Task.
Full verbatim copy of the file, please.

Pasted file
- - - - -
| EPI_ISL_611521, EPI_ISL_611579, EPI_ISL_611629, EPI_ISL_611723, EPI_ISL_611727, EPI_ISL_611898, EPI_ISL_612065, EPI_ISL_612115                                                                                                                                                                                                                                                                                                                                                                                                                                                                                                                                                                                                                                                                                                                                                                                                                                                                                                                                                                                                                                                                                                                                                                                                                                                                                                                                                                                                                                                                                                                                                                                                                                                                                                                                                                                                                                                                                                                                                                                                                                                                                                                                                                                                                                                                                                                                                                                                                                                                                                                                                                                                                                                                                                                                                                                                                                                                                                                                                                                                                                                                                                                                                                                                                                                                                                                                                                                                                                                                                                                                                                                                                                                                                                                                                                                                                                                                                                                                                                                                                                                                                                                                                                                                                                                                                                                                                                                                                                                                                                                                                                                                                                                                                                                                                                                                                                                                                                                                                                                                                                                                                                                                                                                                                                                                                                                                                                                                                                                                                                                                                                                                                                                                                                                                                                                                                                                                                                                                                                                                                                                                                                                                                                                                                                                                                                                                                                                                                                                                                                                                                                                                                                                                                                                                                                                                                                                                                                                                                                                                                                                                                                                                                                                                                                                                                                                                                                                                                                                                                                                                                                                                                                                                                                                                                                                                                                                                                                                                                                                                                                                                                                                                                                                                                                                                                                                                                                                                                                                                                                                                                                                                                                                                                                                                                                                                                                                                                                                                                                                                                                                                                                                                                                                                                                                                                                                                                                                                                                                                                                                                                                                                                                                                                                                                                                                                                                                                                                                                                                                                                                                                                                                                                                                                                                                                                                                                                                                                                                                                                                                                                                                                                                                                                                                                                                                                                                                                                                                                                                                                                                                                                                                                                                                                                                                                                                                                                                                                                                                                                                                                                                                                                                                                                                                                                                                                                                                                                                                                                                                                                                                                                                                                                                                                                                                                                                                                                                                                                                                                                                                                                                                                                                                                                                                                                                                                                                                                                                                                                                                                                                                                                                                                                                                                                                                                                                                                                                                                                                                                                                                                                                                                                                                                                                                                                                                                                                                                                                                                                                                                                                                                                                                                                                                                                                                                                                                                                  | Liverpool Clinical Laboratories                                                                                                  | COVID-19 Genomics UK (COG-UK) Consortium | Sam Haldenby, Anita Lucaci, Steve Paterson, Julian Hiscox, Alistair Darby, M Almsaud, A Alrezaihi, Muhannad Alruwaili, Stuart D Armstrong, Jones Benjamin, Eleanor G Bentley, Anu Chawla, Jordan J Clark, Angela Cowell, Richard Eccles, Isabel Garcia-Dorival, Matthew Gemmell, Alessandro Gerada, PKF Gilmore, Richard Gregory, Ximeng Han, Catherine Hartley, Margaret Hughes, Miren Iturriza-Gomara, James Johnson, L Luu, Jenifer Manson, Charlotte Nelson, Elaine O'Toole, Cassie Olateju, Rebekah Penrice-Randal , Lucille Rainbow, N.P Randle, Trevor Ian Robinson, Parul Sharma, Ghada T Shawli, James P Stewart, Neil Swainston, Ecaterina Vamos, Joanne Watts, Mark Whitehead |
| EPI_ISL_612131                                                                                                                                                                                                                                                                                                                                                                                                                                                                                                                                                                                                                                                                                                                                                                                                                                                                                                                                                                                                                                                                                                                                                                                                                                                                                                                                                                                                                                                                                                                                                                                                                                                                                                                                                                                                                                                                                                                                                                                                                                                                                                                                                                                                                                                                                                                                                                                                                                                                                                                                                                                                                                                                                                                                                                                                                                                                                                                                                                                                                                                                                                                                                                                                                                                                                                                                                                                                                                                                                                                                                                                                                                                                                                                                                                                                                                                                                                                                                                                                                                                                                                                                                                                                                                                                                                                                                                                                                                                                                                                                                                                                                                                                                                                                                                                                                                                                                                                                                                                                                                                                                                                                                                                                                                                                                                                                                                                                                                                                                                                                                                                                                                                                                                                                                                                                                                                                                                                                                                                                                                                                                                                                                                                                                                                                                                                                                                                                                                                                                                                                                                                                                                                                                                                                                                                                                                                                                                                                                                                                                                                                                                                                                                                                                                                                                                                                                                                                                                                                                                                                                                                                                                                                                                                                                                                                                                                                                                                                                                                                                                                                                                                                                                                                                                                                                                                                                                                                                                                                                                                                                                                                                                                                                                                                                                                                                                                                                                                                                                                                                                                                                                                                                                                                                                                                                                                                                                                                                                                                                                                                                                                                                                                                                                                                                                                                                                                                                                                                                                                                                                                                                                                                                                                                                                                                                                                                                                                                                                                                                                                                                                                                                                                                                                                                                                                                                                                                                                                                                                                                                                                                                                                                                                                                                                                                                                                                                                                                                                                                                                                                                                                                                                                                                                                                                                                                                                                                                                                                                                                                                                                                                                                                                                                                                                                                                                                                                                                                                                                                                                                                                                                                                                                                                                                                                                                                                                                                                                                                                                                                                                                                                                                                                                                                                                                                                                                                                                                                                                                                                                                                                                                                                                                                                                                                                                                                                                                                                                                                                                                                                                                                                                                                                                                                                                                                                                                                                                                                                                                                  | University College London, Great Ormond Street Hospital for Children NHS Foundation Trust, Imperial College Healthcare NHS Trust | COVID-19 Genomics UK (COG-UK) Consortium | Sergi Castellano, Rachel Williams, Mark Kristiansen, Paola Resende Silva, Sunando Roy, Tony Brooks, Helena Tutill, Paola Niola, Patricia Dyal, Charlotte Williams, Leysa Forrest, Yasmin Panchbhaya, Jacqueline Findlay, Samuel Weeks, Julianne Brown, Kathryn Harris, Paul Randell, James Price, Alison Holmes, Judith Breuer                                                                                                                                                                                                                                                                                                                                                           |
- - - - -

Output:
| EPI_ISL_611521, EPI_ISL_611579, EPI_ISL_611629, EPI_ISL_611723, EPI_ISL_611727, EPI_ISL_611898, EPI_ISL_612065, EPI_ISL_612115                                                                                                                                                                                                                                                                                                                                                                                                                                                                                                                                                                                                                                                                                                                                                                                                                                                                                                                                                                                                                                                                                                                                                                                                                                                                                                                                                                                                                                                                                                                                                                                                                                                                                                                                                                                                                                                                                                                                                                                                                                                                                                                                                                                                                                                                                                                                                                                                                                                                                                                                                                                                                                                                                                                                                                                                                                                                                                                                                                                                                                                                                                                                                                                                                                                                                                                                                                                                                                                                                                                                                                                                                                                                                                                                                                                                                                                                                                                                                                                                                                                                                                                                                                                                                                                                                                                                                                                                                                                                                                                                                                                                                                                                                                                                                                                                                                                                                                                                                                                                                                                                                                                                                                                                                                                                                                                                                                                                                                                                                                                                                                                                                                                                                                                                                                                                                                                                                                                                                                                                                                                                                                                                                                                                                                                                                                                                                                                                                                                                                                                                                                                                                                                                                                                                                                                                                                                                                                                                                                                                                                                                                                                                                                                                                                                                                                                                                                                                                                                                                                                                                                                                                                                                                                                                                                                                                                                                                                                                                                                                                                                                                                                                                                                                                                                                                                                                                                                                                                                                                                                                                                                                                                                                                                                                                                                                                                                                                                                                                                                                                                                                                                                                                                                                                                                                                                                                                                                                                                                                                                                                                                                                                                                                                                                                                                                                                                                                                                                                                                                                                                                                                                                                                                                                                                                                                                                                                                                                                                                                                                                                                                                                                                                                                                                                                                                                                                                                                                                                                                                                                                                                                                                                                                                                                                                                                                                                                                                                                                                                                                                                                                                                                                                                                                                                                                                                                                                                                                                                                                                                                                                                                                                                                                                                                                                                                                                                                                                                                                                                                                                                                                                                                                                                                                                                                                                                                                                                                                                                                                                                                                                                                                                                                                                                                                                                                                                                                                                                                                                                                                                                                                                                                                                                                                                                                                                                                                                                                                                                                                                                                                                                                                                                                                                                                                                                                                                                                  | Liverpool Clinical Laboratories                                                                                                  | COVID-19 Genomics UK (COG-UK) Consortium | Sam Haldenby, Anita Lucaci, Steve Paterson, Julian Hiscox, Alistair Darby, M Almsaud, A Alrezaihi, Muhannad Alruwaili, Stuart D Armstrong, Jones Benjamin, Eleanor G Bentley, Anu Chawla, Jordan J Clark, Angela Cowell, Richard Eccles, Isabel Garcia-Dorival, Matthew Gemmell, Alessandro Gerada, PKF Gilmore, Richard Gregory, Ximeng Han, Catherine Hartley, Margaret Hughes, Miren Iturriza-Gomara, James Johnson, L Luu, Jenifer Manson, Charlotte Nelson, Elaine O'Toole, Cassie Olateju, Rebekah Penrice-Randal , Lucille Rainbow, N.P Randle, Trevor Ian Robinson, Parul Sharma, Ghada T Shawli, James P Stewart, Neil Swainston, Ecaterina Vamos, Joanne Watts, Mark Whitehead |
| EPI_ISL_612131                                                                                                                                                                                                                                                                                                                                                                                                                                                                                                                                                                                                                                                                                                                                                                                                                                                                                                                                                                                                                                                                                                                                                                                                                                                                                                                                                                                                                                                                                                                                                                                                                                                                                                                                                                                                                                                                                                                                                                                                                                                                                                                                                                                                                                                                                                                                                                                                                                                                                                                                                                                                                                                                                                                                                                                                                                                                                                                                                                                                                                                                                                                                                                                                                                                                                                                                                                                                                                                                                                                                                                                                                                                                                                                                                                                                                                                                                                                                                                                                                                                                                                                                                                                                                                                                                                                                                                                                                                                                                                                                                                                                                                                                                                                                                                                                                                                                                                                                                                                                                                                                                                                                                                                                                                                                                                                                                                                                                                                                                                                                                                                                                                                                                                                                                                                                                                                                                                                                                                                                                                                                                                                                                                                                                                                                                                                                                                                                                                                                                                                                                                                                                                                                                                                                                                                                                                                                                                                                                                                                                                                                                                                                                                                                                                                                                                                                                                                                                                                                                                                                                                                                                                                                                                                                                                                                                                                                                                                                                                                                                                                                                                                                                                                                                                                                                                                                                                                                                                                                                                                                                                                                                                                                                                                                                                                                                                                                                                                                                                                                                                                                                                                                                                                                                                                                                                                                                                                                                                                                                                                                                                                                                                                                                                                                                                                                                                                                                                                                                                                                                                                                                                                                                                                                                                                                                                                                                                                                                                                                                                                                                                                                                                                                                                                                                                                                                                                                                                                                                                                                                                                                                                                                                                                                                                                                                                                                                                                                                                                                                                                                                                                                                                                                                                                                                                                                                                                                                                                                                                                                                                                                                                                                                                                                                                                                                                                                                                                                                                                                                                                                                                                                                                                                                                                                                                                                                                                                                                                                                                                                                                                                                                                                                                                                                                                                                                                                                                                                                                                                                                                                                                                                                                                                                                                                                                                                                                                                                                                                                                                                                                                                                                                                                                                                                                                                                                                                                                                                                                                                  | University College London, Great Ormond Street Hospital for Children NHS Foundation Trust, Imperial College Healthcare NHS Trust | COVID-19 Genomics UK (COG-UK) Consortium | Sergi Castellano, Rachel Williams, Mark Kristiansen, Paola Resende Silva, Sunando Roy, Tony Brooks, Helena Tutill, Paola Niola, Patricia Dyal, Charlotte Williams, Leysa Forrest, Yasmin Panchbhaya, Jacqueline Findlay, Samuel Weeks, Julianne Brown, Kathryn Harris, Paul Randell, James Price, Alison Holmes, Judith Breuer                                                                                                                                                                                                                                                                                                                                                           |